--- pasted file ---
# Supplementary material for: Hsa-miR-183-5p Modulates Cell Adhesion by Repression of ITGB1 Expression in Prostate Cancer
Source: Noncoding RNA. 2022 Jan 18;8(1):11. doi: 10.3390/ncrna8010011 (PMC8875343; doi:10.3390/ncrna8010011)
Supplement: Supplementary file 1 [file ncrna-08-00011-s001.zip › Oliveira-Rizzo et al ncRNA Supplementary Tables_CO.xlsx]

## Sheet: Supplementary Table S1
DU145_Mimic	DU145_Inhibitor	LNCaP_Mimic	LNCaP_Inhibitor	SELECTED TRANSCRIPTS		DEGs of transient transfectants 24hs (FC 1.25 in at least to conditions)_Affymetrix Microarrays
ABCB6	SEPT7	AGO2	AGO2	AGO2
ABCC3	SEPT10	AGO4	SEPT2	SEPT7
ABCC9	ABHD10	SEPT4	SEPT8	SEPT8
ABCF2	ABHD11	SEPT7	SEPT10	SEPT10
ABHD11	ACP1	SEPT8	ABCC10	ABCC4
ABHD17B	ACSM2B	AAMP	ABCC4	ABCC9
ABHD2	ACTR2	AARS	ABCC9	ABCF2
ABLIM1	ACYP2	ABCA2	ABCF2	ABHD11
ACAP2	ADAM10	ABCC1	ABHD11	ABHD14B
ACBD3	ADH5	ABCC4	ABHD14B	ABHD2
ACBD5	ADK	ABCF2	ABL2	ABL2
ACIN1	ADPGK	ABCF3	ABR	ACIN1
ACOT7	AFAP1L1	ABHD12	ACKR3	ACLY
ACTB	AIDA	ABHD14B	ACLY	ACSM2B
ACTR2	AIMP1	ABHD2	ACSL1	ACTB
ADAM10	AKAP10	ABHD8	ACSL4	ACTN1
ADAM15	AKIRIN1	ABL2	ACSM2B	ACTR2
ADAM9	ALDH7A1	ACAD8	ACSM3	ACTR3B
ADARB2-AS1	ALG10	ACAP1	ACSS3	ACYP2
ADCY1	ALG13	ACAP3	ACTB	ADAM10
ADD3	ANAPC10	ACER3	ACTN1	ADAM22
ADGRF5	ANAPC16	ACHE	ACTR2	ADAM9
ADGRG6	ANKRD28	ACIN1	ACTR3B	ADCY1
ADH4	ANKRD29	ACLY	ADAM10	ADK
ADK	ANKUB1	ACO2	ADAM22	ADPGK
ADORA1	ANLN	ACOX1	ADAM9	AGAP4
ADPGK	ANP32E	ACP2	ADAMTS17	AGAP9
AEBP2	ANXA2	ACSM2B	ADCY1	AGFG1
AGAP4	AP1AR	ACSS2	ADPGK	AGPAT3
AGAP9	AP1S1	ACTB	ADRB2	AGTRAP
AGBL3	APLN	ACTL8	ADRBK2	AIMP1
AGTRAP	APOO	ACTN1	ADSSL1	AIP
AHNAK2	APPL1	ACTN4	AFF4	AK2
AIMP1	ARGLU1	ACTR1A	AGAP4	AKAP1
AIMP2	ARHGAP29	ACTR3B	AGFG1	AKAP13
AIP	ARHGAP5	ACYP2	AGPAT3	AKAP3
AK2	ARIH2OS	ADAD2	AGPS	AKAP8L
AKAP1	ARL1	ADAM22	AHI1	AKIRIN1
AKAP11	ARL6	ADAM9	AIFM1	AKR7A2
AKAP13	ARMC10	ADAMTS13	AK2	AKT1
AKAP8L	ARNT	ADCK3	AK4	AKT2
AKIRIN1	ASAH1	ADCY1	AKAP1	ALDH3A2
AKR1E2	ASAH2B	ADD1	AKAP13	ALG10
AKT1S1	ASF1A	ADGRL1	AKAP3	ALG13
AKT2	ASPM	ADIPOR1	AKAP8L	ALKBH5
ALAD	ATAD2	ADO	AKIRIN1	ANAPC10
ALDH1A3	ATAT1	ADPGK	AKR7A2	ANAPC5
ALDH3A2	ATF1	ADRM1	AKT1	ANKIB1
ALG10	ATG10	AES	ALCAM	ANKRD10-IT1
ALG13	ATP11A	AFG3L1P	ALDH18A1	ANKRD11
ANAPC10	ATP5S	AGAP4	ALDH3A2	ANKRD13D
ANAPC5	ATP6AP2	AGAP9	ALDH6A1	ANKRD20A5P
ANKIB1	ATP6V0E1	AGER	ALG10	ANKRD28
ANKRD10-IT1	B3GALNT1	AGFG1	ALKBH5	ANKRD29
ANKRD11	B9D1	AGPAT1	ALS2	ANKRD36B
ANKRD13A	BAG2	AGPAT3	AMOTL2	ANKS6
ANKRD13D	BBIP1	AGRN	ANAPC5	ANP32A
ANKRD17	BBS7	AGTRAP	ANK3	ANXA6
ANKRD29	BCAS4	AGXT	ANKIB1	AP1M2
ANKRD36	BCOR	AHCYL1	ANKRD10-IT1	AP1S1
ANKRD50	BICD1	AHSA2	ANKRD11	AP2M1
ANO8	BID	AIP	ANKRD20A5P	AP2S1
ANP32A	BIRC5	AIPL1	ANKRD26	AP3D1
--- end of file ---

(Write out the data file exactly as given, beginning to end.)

# Supplementary material for: Hsa-miR-183-5p Modulates Cell Adhesion by Repression of ITGB1 Expression in Prostate Cancer
Source: Noncoding RNA. 2022 Jan 18;8(1):11. doi: 10.3390/ncrna8010011 (PMC8875343; doi:10.3390/ncrna8010011)
Supplement: Supplementary file 1 [file ncrna-08-00011-s001.zip › Oliveira-Rizzo et al ncRNA Supplementary Tables_CO.xlsx]

## Sheet: Supplementary Table S1
DU145_Mimic	DU145_Inhibitor	LNCaP_Mimic	LNCaP_Inhibitor	SELECTED TRANSCRIPTS		DEGs of transient transfectants 24hs (FC 1.25 in at least to conditions)_Affymetrix Microarrays
ABCB6	SEPT7	AGO2	AGO2	AGO2
ABCC3	SEPT10	AGO4	SEPT2	SEPT7
ABCC9	ABHD10	SEPT4	SEPT8	SEPT8
ABCF2	ABHD11	SEPT7	SEPT10	SEPT10
ABHD11	ACP1	SEPT8	ABCC10	ABCC4
ABHD17B	ACSM2B	AAMP	ABCC4	ABCC9
ABHD2	ACTR2	AARS	ABCC9	ABCF2
ABLIM1	ACYP2	ABCA2	ABCF2	ABHD11
ACAP2	ADAM10	ABCC1	ABHD11	ABHD14B
ACBD3	ADH5	ABCC4	ABHD14B	ABHD2
ACBD5	ADK	ABCF2	ABL2	ABL2
ACIN1	ADPGK	ABCF3	ABR	ACIN1
ACOT7	AFAP1L1	ABHD12	ACKR3	ACLY
ACTB	AIDA	ABHD14B	ACLY	ACSM2B
ACTR2	AIMP1	ABHD2	ACSL1	ACTB
ADAM10	AKAP10	ABHD8	ACSL4	ACTN1
ADAM15	AKIRIN1	ABL2	ACSM2B	ACTR2
ADAM9	ALDH7A1	ACAD8	ACSM3	ACTR3B
ADARB2-AS1	ALG10	ACAP1	ACSS3	ACYP2
ADCY1	ALG13	ACAP3	ACTB	ADAM10
ADD3	ANAPC10	ACER3	ACTN1	ADAM22
ADGRF5	ANAPC16	ACHE	ACTR2	ADAM9
ADGRG6	ANKRD28	ACIN1	ACTR3B	ADCY1
ADH4	ANKRD29	ACLY	ADAM10	ADK
ADK	ANKUB1	ACO2	ADAM22	ADPGK
ADORA1	ANLN	ACOX1	ADAM9	AGAP4
ADPGK	ANP32E	ACP2	ADAMTS17	AGAP9
AEBP2	ANXA2	ACSM2B	ADCY1	AGFG1
AGAP4	AP1AR	ACSS2	ADPGK	AGPAT3
AGAP9	AP1S1	ACTB	ADRB2	AGTRAP
AGBL3	APLN	ACTL8	ADRBK2	AIMP1
AGTRAP	APOO	ACTN1	ADSSL1	AIP
AHNAK2	APPL1	ACTN4	AFF4	AK2
AIMP1	ARGLU1	ACTR1A	AGAP4	AKAP1
AIMP2	ARHGAP29	ACTR3B	AGFG1	AKAP13
AIP	ARHGAP5	ACYP2	AGPAT3	AKAP3
AK2	ARIH2OS	ADAD2	AGPS	AKAP8L
AKAP1	ARL1	ADAM22	AHI1	AKIRIN1
AKAP11	ARL6	ADAM9	AIFM1	AKR7A2
AKAP13	ARMC10	ADAMTS13	AK2	AKT1
AKAP8L	ARNT	ADCK3	AK4	AKT2
AKIRIN1	ASAH1	ADCY1	AKAP1	ALDH3A2
AKR1E2	ASAH2B	ADD1	AKAP13	ALG10
AKT1S1	ASF1A	ADGRL1	AKAP3	ALG13
AKT2	ASPM	ADIPOR1	AKAP8L	ALKBH5
ALAD	ATAD2	ADO	AKIRIN1	ANAPC10
ALDH1A3	ATAT1	ADPGK	AKR7A2	ANAPC5
ALDH3A2	ATF1	ADRM1	AKT1	ANKIB1
ALG10	ATG10	AES	ALCAM	ANKRD10-IT1
ALG13	ATP11A	AFG3L1P	ALDH18A1	ANKRD11
ANAPC10	ATP5S	AGAP4	ALDH3A2	ANKRD13D
ANAPC5	ATP6AP2	AGAP9	ALDH6A1	ANKRD20A5P
ANKIB1	ATP6V0E1	AGER	ALG10	ANKRD28
ANKRD10-IT1	B3GALNT1	AGFG1	ALKBH5	ANKRD29
ANKRD11	B9D1	AGPAT1	ALS2	ANKRD36B
ANKRD13A	BAG2	AGPAT3	AMOTL2	ANKS6
ANKRD13D	BBIP1	AGRN	ANAPC5	ANP32A
ANKRD17	BBS7	AGTRAP	ANK3	ANXA6
ANKRD29	BCAS4	AGXT	ANKIB1	AP1M2
ANKRD36	BCOR	AHCYL1	ANKRD10-IT1	AP1S1
ANKRD50	BICD1	AHSA2	ANKRD11	AP2M1
ANO8	BID	AIP	ANKRD20A5P	AP2S1
ANP32A	BIRC5	AIPL1	ANKRD26	AP3D1